Gallup research shows that 82% of the time organizations fail to choose candidates with the right talent for management positions. When it comes to hiring a remote manager, finding the right person becomes even more complex.
A Harvard Business Review survey of more than 1,200 remote workers and managers from around the world found that 40% of the remote managers had doubts about their ability to effectively manage a remote team.
Roughly the same percentage believed that remote employees would perform worse than those who worked in an office under direct supervision. And around the same number were dubious about whether remote workers could stay motivated long-term.
However, the study intimated that these three groups had significant overlap: Managers who are unsure of their own abilities to manage remote workers also felt that remote workers would be unmotivated and/or perform poorly.
How can your organization find and hire amazing remote managers who are confident not only in their own ability to lead but their worker’s ability to self-manage their own time and maintain productivity without being continually monitored?
Confidence in remote management skills skews older
In an era where bias in recruiting overlooks more mature workers, the HBR study revealed a startling fact: managers over thirty working in professional roles were much more likely to have confidence in their skills translating to managing a remote team. While one out of four managers under the age of 30 were unsure of their abilities, less than half as many over the age of 30 had similar doubts.
Reporting from SHRM notes that older hires often have had time to develop the soft skills needed for people management, and that being over 40 doesn’t mean “not digitally savvy.”
Removing bias in hiring means leaning into recruiting solutions that help anonymize resumes and applications not just to provide a level playing field for race and gender, but age as well.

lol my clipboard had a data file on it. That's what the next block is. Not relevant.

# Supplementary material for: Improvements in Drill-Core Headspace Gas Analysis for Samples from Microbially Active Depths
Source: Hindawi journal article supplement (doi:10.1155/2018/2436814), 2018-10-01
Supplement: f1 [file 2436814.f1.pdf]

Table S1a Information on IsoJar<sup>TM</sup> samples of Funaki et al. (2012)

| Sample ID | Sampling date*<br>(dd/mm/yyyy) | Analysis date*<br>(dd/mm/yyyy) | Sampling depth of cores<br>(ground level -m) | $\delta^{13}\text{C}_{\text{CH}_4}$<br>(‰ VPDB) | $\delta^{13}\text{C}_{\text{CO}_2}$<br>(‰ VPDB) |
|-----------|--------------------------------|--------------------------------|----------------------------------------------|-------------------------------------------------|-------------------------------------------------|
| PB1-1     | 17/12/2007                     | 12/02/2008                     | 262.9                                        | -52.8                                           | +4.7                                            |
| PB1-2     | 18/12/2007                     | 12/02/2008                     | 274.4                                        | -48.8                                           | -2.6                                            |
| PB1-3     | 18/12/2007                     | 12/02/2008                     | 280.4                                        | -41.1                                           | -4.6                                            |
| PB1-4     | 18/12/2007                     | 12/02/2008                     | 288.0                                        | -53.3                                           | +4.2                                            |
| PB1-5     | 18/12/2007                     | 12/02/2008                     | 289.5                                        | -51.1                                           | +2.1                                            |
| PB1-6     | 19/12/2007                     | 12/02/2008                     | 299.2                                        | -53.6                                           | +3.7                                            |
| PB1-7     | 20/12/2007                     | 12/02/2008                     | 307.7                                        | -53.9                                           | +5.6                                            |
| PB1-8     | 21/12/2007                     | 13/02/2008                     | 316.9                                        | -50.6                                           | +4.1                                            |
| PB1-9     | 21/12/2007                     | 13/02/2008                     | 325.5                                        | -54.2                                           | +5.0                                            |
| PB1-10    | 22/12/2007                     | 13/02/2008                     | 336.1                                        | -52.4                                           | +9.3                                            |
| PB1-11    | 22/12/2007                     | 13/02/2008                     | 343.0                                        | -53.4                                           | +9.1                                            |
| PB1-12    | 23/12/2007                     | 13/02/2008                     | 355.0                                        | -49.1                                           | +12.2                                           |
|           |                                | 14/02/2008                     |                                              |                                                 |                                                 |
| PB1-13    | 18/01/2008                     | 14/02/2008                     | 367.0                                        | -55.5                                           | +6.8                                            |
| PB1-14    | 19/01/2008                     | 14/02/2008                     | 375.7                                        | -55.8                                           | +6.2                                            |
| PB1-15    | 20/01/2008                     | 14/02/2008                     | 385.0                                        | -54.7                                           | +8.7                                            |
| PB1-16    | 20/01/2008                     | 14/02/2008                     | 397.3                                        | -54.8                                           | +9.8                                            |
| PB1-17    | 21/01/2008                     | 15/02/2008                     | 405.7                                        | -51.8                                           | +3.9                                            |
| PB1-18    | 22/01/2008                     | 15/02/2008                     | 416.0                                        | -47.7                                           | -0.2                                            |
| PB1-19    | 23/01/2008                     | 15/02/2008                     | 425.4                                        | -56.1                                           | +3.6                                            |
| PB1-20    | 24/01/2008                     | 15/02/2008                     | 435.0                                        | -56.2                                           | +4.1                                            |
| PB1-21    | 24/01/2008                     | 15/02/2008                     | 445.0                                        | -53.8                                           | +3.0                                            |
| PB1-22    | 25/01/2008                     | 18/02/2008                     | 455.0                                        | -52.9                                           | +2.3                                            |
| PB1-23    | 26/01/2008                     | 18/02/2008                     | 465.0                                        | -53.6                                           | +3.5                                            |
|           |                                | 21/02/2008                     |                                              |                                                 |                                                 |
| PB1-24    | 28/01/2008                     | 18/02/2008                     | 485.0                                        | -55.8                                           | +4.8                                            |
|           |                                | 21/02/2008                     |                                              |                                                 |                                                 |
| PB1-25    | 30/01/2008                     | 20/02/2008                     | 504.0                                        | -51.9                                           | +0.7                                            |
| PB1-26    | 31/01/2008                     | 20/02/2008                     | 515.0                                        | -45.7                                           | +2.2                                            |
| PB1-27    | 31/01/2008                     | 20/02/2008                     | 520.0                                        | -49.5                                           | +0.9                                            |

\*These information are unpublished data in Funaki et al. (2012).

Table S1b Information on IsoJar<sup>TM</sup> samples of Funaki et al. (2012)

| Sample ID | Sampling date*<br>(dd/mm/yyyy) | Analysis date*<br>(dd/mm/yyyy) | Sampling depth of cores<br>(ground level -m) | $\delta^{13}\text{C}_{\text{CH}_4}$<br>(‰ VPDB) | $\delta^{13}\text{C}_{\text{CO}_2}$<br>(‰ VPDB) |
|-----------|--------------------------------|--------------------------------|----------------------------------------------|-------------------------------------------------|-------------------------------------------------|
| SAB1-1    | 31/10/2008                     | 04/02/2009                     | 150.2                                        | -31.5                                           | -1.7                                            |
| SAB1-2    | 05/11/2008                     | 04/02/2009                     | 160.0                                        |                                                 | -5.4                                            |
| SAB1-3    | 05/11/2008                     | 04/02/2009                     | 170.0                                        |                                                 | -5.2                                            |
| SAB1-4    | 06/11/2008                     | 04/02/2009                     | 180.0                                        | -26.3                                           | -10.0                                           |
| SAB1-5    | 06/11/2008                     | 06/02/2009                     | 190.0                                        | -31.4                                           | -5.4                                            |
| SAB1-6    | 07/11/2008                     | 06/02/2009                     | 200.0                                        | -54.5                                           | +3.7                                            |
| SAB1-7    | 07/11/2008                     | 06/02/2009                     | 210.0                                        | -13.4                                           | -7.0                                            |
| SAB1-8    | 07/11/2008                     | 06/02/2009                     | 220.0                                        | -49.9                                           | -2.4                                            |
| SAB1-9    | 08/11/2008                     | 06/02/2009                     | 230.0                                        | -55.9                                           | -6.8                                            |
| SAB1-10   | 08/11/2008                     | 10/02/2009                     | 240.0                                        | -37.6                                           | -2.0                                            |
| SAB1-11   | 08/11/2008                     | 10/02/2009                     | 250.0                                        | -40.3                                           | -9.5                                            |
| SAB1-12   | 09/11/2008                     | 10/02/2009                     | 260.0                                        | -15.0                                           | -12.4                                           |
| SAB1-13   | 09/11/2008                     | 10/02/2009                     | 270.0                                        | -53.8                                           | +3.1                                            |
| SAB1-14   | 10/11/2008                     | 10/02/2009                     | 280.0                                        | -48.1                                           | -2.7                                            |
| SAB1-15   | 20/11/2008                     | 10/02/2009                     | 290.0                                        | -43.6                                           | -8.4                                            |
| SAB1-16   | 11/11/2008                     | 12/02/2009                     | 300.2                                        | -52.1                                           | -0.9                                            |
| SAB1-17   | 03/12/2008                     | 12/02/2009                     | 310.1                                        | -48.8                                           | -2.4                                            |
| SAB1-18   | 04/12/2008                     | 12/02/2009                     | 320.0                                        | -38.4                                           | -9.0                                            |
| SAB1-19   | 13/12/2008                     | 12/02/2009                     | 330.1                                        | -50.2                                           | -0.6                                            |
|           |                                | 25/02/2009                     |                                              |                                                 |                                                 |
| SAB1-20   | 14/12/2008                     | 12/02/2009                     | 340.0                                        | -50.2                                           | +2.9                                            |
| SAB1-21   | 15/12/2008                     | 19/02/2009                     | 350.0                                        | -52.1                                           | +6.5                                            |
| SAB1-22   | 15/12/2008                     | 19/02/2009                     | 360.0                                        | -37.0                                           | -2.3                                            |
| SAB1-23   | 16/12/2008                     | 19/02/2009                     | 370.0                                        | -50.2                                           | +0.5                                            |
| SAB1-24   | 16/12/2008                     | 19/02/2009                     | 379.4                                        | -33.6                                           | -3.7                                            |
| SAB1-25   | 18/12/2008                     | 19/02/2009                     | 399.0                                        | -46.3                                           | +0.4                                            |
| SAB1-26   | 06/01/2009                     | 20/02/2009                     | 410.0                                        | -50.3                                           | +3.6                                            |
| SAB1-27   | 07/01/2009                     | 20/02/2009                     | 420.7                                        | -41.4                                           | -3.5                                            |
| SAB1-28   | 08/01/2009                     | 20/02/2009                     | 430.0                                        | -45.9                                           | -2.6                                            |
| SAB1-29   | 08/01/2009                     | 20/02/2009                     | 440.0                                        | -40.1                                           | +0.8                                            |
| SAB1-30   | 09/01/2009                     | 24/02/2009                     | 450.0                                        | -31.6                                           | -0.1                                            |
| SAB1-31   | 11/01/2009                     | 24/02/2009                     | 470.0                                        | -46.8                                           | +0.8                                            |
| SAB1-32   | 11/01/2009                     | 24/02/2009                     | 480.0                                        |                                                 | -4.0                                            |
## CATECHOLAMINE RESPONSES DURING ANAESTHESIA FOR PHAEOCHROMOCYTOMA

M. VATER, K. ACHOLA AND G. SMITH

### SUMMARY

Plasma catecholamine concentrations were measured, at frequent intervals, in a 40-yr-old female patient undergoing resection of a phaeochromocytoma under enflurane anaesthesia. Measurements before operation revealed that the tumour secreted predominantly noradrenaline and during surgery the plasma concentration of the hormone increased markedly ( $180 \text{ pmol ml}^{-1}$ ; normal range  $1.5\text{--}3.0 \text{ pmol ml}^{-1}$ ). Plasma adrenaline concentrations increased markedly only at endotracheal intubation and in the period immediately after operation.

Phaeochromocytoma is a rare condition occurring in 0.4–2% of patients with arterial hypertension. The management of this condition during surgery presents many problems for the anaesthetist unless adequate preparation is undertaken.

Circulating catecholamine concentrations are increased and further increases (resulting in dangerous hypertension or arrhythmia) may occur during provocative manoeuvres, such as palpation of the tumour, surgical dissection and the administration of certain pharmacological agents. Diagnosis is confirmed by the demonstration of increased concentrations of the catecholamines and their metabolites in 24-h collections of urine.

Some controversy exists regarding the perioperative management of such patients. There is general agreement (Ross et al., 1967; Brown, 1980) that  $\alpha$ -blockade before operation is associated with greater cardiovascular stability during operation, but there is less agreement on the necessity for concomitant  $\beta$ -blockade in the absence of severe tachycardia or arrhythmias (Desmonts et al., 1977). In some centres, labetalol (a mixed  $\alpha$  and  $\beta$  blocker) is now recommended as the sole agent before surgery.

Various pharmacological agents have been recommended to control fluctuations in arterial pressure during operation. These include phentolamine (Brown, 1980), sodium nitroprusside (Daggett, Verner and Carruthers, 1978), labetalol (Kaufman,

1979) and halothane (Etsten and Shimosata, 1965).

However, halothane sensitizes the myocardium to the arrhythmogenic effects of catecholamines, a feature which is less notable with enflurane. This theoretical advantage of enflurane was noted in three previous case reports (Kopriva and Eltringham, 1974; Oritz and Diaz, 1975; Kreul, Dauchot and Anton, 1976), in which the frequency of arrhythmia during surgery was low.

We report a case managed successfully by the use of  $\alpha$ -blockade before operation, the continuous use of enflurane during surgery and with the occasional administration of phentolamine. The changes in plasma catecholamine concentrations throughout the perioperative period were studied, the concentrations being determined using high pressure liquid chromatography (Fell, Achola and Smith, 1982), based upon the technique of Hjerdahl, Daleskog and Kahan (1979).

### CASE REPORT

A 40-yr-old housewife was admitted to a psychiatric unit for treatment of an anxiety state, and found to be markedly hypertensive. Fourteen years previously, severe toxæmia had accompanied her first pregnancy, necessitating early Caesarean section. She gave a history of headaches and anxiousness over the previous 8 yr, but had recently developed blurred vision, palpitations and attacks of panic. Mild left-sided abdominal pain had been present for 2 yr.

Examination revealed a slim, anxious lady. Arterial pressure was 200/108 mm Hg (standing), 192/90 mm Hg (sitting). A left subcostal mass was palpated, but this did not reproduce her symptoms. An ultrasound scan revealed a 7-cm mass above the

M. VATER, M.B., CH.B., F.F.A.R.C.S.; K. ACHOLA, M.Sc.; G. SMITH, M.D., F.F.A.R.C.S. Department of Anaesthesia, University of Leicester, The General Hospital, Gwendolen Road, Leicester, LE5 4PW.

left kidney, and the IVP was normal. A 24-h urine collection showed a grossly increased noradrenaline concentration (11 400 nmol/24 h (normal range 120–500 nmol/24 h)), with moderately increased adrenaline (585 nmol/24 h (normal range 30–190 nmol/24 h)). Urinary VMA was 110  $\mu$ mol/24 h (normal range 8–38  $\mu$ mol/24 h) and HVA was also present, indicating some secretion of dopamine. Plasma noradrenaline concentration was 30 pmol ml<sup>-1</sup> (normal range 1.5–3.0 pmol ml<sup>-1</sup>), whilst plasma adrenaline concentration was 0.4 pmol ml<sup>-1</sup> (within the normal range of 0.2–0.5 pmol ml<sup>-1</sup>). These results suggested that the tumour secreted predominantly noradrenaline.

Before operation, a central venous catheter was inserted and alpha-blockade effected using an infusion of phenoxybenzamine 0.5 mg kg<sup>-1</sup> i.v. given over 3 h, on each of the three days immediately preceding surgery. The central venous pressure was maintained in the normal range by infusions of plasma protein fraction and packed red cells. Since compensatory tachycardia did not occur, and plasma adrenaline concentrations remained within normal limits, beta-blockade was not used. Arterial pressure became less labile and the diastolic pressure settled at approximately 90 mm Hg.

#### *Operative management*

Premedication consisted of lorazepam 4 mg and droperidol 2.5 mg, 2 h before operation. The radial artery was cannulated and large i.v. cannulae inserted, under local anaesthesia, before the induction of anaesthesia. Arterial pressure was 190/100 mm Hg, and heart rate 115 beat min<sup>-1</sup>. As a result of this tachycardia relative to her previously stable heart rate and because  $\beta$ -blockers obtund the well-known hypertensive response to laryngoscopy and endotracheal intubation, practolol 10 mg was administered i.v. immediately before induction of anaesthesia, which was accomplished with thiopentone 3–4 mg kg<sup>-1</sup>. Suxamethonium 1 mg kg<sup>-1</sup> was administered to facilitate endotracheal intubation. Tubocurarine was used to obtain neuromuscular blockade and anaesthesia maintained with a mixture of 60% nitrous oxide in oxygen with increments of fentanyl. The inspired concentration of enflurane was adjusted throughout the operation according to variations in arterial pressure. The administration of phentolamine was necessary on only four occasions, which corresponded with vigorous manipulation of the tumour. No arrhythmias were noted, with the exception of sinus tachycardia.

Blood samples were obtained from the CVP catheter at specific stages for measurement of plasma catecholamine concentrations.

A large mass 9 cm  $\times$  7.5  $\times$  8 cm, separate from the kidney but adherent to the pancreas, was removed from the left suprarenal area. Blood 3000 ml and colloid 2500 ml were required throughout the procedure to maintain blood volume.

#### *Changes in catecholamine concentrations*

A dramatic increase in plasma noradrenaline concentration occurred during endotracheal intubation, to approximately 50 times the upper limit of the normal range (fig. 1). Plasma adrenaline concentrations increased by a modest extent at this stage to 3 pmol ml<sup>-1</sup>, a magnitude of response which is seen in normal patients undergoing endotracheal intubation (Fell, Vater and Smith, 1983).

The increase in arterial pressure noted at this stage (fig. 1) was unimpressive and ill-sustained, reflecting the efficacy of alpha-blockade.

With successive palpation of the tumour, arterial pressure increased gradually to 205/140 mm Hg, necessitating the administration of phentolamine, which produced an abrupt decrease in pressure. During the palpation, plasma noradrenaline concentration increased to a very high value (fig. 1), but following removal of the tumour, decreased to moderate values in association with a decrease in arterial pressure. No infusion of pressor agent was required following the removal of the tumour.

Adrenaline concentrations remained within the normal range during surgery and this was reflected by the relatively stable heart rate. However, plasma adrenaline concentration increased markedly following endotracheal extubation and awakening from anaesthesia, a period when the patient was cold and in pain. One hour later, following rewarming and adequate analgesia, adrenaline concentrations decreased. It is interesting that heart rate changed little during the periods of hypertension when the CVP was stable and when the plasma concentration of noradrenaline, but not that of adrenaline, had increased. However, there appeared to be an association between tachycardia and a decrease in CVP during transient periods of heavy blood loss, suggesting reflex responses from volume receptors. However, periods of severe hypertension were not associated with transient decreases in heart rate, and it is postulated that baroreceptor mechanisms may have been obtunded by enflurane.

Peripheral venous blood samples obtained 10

Confidence in remote employees’ abilities skews female
Another nugget of gold from the HBR study revealed that women believed more strongly in the ability of remote employees to get the job done. More than a third of male managers reported that they had a recent lack of confidence in their remote employee’s skills. less than half as many female managers held the same attitude.
Forbes notes that on the Fortune 500 list, only 5% of CEOs are women. In contrast, among fully remote businesses in the US, nearly 30% of CEOs are women. Women tend to value work-life balance highly, and this trickles down to their employees, with female leaders more likely to offer flexible work schedules and telecommuting options.
Good management skews top-down
Managers who struggled with handling the challenges or remote team management also reported that their own bosses tended to be micromanagers. Before hiring a remote manager, take a look at your own management style. Will you be able to let go of the reins and give your manager the autonomy they need to do their job? In doing so, you’ll be setting a prime example for your remote managers.
By providing flexibility for how they do their own job, you can make it possible for them to pass that attitude down the line. Ask candidates for your remote manager position how comfortable they feel about trusting employees to do a good job.
Productivity skews output, not input
McKinsey notes that some of the most successful companies (including Netflix) found their teams work best when their productivity is measured not by the number of hours they put into their work, but by the outcomes of their work.
Productivity goes up for remote workers when they aren’t being micromanaged, pressured to install tracking software on their computers, or forced into multiple meetings every day. Ask prospective managers what their management style is like. If they are more about monitoring than measuring, look further afield for your new hire.
How Censia can help you make the right remote manager hire
Censia’s Talent Intelligence uses an ethical AI. This allows you to combat bias in hiring that can deprive you of a great remote manager with the soft skills required to nurture and empower remote employees.
Anonymous mode removes bias indicators like gender, race, sexual orientation and age, which can prevent older or female applicants from being weeded out of your candidate pool.
Diversity indicators allow you to filter by gender or veteran status, further helping you identify people who could be perfect for your remote manager opening.
By leveraging these tools, you can more accurately identify high-value candidates with the experience and ability to become amazing remote managers.